Iron ore is on its longest losing streak in years

Ludmila Mitrega/Getty Images for FIVB
  • The benchmark iron ore price has fallen for seven consecutive session, the equal-longest losing streak since 2016.
  • Strategists say pessimism over the outlook for Chinese steel demand is one factor undermining prices.
  • Chinese futures finished mixed in overnight trade, providing few clues as to whether the losing streak will extend today.

Iron ore is on its longest losing streak seen in years.

According to Metal Bulletin, the spot price for benchmark 62% fines fell 0.2% to $69.93 a tonne, extending its losing streak to seven consecutive sessions, the equal-longest since September 2016.

You have to go back to July 2015 to find a longer stretch of losses.

The benchmark has now lost 11.9% since March 1, leaving it at the lowest level December 11. It’s now down 3.7% for the year.


Weakness was also seen across the grades on Monday.

The price for 58% fines slipped 0.4%, settling at $40.36 a tonne. Ore with 65% Fe content fell a little more, losing 0.9% to close at $86 a tonne.

Like the pattern seen in recent days, the losses coincided with another bloodbath in Chinese bulk commodity futures during the session.

The May 2018 iron ore contract in Dalian shed 2.6%, finishing Monday’s day session at 479 yuan a tonne. At one point it fell to 475.5 yuan a tonne, the lowest level since November.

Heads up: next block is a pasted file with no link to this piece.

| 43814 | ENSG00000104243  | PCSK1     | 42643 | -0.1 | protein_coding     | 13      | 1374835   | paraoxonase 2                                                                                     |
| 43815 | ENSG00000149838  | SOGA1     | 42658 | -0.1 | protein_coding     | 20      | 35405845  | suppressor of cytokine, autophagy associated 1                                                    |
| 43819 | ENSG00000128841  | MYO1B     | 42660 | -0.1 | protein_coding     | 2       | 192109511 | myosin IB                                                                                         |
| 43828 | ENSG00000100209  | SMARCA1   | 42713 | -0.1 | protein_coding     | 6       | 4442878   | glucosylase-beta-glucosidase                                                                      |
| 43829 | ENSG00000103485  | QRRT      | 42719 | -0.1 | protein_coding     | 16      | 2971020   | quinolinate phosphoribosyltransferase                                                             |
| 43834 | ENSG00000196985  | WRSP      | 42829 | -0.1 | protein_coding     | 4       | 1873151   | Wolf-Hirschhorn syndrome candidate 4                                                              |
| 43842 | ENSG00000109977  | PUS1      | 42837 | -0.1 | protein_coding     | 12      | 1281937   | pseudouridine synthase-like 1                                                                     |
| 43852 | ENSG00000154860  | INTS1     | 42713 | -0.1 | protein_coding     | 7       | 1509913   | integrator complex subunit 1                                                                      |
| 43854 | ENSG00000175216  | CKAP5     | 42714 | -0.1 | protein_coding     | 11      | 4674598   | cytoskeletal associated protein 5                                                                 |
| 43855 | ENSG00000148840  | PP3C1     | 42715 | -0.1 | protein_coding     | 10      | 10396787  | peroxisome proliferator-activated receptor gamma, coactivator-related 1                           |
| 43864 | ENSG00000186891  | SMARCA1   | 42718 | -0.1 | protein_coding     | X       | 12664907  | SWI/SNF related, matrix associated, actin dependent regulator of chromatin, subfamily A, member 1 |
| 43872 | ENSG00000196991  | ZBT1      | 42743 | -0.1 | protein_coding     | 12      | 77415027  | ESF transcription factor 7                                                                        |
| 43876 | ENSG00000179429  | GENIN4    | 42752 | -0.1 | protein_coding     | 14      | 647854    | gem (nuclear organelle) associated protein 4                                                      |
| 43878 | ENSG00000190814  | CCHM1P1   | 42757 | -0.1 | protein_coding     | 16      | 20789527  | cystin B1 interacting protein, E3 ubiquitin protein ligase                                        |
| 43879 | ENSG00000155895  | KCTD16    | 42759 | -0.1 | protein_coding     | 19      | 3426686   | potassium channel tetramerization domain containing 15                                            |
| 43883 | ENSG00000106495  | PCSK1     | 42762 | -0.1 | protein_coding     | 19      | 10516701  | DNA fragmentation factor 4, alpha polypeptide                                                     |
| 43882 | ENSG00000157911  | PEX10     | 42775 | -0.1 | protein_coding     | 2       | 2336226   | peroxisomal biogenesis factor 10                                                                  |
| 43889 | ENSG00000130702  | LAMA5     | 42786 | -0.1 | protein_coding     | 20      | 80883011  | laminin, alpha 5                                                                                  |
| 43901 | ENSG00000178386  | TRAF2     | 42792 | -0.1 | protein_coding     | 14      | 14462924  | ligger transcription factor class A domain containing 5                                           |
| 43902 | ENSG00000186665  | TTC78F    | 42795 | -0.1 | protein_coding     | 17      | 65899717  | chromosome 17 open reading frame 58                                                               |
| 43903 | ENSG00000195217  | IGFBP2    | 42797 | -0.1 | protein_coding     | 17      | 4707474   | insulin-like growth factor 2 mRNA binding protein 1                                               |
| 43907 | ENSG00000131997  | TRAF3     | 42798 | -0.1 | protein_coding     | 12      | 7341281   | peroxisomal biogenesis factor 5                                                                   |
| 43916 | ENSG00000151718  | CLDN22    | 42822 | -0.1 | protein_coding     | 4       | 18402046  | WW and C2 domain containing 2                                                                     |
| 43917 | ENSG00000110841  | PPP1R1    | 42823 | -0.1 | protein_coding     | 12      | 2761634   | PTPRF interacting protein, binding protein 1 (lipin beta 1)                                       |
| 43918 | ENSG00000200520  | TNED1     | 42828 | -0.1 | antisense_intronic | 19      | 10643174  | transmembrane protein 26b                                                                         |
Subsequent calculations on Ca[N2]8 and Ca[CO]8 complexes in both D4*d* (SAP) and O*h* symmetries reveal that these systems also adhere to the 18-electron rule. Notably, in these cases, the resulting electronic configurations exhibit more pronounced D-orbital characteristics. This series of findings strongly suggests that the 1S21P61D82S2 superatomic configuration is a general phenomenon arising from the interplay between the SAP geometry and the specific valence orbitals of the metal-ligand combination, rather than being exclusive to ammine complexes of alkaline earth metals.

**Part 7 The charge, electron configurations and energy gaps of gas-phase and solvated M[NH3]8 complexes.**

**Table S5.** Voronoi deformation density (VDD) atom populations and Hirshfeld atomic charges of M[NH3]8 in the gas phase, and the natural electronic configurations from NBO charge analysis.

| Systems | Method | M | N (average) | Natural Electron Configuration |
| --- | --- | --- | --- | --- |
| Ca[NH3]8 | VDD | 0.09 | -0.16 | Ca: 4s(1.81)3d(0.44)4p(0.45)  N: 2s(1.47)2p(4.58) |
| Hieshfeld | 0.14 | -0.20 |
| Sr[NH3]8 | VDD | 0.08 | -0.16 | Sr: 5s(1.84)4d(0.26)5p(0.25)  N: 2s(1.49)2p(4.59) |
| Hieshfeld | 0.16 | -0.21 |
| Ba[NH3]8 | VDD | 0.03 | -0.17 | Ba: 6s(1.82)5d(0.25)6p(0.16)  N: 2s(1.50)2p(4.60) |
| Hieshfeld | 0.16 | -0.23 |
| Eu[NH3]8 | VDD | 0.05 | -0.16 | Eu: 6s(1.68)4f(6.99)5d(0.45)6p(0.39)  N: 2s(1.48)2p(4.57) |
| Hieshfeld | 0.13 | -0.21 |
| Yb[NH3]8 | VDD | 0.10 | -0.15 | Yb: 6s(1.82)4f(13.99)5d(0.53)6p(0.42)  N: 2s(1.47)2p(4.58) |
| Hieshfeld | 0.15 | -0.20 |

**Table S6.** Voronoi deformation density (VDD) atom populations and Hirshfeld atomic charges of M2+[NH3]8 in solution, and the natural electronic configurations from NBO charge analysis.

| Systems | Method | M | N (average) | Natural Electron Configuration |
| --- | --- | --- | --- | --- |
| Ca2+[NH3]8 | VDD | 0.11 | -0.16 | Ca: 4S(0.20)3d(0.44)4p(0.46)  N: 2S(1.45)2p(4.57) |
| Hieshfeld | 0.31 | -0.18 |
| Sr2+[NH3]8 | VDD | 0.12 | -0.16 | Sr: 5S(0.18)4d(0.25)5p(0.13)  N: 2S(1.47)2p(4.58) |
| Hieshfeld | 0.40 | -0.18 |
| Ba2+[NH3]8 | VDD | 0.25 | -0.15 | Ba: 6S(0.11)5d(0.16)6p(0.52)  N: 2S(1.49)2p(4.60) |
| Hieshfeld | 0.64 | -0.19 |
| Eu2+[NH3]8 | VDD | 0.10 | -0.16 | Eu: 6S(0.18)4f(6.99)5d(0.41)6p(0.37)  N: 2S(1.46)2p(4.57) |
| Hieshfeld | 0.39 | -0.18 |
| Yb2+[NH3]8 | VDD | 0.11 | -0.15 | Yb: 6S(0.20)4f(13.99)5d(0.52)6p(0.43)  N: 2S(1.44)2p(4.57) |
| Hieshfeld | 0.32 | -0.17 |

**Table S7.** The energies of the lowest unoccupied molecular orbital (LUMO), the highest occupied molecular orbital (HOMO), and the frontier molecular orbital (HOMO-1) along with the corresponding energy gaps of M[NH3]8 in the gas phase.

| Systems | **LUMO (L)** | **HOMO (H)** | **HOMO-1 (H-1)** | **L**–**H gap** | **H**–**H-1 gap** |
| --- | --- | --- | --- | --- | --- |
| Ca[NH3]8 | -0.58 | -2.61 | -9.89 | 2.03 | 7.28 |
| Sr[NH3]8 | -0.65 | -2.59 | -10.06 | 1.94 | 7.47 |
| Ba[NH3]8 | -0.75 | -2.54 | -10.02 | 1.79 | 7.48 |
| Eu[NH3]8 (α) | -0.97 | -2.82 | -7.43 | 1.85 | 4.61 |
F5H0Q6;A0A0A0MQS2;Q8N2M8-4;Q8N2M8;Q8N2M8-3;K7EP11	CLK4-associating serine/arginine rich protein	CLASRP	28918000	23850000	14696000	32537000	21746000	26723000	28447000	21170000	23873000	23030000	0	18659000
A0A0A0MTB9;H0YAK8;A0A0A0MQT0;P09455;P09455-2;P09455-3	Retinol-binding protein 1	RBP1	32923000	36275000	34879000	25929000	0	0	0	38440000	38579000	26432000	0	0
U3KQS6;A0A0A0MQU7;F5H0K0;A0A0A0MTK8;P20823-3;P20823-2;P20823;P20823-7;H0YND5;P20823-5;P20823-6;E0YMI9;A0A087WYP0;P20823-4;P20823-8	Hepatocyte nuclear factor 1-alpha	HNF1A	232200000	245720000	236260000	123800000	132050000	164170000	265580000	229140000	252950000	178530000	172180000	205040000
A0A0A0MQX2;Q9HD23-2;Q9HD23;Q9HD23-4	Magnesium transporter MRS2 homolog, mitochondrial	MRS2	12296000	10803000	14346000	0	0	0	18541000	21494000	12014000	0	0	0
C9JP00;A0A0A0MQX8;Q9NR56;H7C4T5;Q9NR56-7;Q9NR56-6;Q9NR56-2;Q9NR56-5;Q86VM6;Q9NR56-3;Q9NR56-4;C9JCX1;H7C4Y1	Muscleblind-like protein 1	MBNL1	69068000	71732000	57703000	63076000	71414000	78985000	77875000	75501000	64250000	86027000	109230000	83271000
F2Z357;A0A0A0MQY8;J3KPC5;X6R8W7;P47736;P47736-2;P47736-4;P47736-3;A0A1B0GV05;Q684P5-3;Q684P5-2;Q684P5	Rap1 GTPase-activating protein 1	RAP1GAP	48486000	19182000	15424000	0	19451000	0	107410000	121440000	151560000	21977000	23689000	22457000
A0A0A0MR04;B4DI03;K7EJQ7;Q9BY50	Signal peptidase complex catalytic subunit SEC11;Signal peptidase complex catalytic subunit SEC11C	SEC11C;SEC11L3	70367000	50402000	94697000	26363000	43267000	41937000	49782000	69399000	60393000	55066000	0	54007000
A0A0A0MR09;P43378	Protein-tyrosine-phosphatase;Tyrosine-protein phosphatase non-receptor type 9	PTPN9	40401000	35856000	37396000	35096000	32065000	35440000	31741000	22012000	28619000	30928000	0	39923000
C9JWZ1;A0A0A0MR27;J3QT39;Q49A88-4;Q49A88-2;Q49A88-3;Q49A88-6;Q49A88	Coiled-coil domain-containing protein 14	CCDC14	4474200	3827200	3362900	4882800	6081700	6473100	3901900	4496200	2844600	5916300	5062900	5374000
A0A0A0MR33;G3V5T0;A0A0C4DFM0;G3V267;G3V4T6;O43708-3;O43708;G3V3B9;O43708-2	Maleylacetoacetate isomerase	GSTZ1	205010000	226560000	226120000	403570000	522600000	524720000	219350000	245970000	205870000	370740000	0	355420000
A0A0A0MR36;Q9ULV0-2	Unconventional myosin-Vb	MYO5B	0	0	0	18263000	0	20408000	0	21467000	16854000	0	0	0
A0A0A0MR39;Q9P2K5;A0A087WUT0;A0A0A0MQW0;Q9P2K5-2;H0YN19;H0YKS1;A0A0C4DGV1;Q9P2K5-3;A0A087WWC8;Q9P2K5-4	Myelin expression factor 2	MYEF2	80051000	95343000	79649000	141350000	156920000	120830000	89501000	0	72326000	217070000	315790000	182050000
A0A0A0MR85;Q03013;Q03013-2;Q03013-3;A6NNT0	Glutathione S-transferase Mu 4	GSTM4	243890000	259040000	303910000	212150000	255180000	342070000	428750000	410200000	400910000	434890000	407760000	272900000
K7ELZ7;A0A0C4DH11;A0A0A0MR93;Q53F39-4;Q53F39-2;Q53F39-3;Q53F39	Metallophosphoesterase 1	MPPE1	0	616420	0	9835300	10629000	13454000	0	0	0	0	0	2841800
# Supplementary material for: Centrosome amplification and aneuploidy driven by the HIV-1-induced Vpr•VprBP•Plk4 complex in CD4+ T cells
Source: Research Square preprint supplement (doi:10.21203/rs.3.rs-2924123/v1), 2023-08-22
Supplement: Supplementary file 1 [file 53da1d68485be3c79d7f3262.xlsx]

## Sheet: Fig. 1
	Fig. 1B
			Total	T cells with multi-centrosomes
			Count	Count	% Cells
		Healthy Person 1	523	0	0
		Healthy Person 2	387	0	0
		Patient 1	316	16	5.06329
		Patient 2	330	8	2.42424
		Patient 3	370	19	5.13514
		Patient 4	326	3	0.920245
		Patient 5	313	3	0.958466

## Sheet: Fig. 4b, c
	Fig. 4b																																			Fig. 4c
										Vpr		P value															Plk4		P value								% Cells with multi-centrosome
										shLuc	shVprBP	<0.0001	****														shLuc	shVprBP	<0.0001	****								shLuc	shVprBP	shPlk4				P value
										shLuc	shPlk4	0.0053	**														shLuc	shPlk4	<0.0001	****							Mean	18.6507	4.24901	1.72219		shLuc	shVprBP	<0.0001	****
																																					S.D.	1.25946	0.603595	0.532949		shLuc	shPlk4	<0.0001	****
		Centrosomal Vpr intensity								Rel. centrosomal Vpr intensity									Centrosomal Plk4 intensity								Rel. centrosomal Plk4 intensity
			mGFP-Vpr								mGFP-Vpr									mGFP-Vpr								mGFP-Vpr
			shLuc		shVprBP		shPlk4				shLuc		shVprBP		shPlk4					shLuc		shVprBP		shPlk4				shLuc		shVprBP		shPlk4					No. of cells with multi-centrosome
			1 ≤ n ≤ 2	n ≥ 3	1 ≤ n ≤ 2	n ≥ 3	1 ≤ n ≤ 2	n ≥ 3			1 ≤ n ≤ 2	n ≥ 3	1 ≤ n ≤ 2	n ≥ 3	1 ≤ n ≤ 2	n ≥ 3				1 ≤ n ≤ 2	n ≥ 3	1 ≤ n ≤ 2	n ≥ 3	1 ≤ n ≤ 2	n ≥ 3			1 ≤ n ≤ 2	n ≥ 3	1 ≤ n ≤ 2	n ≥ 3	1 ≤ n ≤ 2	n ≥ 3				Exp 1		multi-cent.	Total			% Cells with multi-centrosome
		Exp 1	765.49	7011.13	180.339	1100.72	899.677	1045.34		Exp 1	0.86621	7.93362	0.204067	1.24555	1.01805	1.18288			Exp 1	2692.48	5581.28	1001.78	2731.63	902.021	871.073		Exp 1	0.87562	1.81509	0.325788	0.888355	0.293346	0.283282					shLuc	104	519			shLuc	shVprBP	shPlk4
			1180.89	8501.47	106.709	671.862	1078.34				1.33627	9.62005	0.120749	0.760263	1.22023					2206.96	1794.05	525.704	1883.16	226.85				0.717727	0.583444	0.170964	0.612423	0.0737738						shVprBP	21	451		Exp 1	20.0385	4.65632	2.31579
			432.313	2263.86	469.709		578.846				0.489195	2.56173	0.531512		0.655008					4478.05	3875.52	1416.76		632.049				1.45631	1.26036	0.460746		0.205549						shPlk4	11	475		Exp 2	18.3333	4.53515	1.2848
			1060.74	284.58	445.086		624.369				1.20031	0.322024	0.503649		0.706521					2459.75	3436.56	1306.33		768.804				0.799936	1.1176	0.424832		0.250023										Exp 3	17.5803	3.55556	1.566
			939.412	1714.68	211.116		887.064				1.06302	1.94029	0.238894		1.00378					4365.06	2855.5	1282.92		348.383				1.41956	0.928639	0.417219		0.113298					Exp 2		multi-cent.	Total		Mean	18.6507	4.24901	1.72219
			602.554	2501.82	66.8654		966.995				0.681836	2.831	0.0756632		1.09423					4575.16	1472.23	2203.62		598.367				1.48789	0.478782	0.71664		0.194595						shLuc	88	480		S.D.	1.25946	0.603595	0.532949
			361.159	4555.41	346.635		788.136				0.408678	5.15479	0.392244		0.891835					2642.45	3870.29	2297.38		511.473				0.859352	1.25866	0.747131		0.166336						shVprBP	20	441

Coking coal and coke contracts were also hammered, sliding 3.9% and 3.7% respectively to close at 1,266 yuan and 2,002 yuan a tonne.

Rebar futures, in comparison, were spared the worst of the losses, losing 0.8% to close at 3,709 yuan a tonne.

While rebar futures outperformed, strategists put the weakness in the bulks down to pessimism about the outlook for Chinese steel demand.

“[There’s been] a huge rise in rebar inventory in recent weeks,” said Robert Rennie, Head of Financial Markets Strategy at Westpac Bank, in a post placed on Twitter. “This is a factor that has weighed on [the] steel/iron ore sector in China in my view.”

This chart from Rennie reveals current rebar inventory in China now stands at the highest point since April 2013, or January 2014 on a seasonally adjusted basis.

Source: Westpac Bank

Suggesting that the pessimism surrounding steel demand may starting to ebb following recent declines, futures in Shanghai posted a small lift in overnight trade.

Here’s the scoreboard.

SHFE Rebar ¥3,724 , 0.13%
DCE Iron Ore ¥480.50 , -0.21%
DCE Coking Coal ¥1,262.00 , -2.25%
DCE Coke ¥2,003.50 , -1.52%

The May 2018 rebar contract closed at 3,724 yuan, marginally above the 3,709 yuan a tonne level it finished Monday’s day session.

Iron ore, coking coal and coke futures were mixed in overnight trade, finishing close to where they began the session.

Trade in Chinese commodity futures will resume at midday AEDT.